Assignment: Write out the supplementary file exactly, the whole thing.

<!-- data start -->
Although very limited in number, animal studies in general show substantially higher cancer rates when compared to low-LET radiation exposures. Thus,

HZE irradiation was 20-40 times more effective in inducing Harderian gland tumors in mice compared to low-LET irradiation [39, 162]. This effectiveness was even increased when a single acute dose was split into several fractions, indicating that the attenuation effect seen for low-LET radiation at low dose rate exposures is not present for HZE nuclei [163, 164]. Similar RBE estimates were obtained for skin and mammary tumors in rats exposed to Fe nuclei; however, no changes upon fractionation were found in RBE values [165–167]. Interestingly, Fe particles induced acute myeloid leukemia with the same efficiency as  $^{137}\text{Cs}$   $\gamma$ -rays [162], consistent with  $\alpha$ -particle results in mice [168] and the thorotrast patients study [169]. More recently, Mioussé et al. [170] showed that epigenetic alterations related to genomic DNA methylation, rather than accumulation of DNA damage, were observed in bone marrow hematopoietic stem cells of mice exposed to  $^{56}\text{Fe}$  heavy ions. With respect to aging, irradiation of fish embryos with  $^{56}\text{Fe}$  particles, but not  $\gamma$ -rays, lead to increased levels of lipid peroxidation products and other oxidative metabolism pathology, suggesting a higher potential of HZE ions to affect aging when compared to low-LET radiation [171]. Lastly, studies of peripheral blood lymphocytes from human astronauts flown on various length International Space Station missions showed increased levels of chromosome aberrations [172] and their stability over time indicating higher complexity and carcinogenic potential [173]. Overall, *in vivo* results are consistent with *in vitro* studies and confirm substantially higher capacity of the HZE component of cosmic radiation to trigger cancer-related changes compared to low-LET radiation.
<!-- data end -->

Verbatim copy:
Although very limited in number, animal studies in general show substantially higher cancer rates when compared to low-LET radiation exposures. Thus,

HZE irradiation was 20-40 times more effective in inducing Harderian gland tumors in mice compared to low-LET irradiation [39, 162]. This effectiveness was even increased when a single acute dose was split into several fractions, indicating that the attenuation effect seen for low-LET radiation at low dose rate exposures is not present for HZE nuclei [163, 164]. Similar RBE estimates were obtained for skin and mammary tumors in rats exposed to Fe nuclei; however, no changes upon fractionation were found in RBE values [165–167]. Interestingly, Fe particles induced acute myeloid leukemia with the same efficiency as  $^{137}\text{Cs}$   $\gamma$ -rays [162], consistent with  $\alpha$ -particle results in mice [168] and the thorotrast patients study [169]. More recently, Mioussé et al. [170] showed that epigenetic alterations related to genomic DNA methylation, rather than accumulation of DNA damage, were observed in bone marrow hematopoietic stem cells of mice exposed to  $^{56}\text{Fe}$  heavy ions. With respect to aging, irradiation of fish embryos with  $^{56}\text{Fe}$  particles, but not  $\gamma$ -rays, lead to increased levels of lipid peroxidation products and other oxidative metabolism pathology, suggesting a higher potential of HZE ions to affect aging when compared to low-LET radiation [171]. Lastly, studies of peripheral blood lymphocytes from human astronauts flown on various length International Space Station missions showed increased levels of chromosome aberrations [172] and their stability over time indicating higher complexity and carcinogenic potential [173]. Overall, *in vivo* results are consistent with *in vitro* studies and confirm substantially higher capacity of the HZE component of cosmic radiation to trigger cancer-related changes compared to low-LET radiation.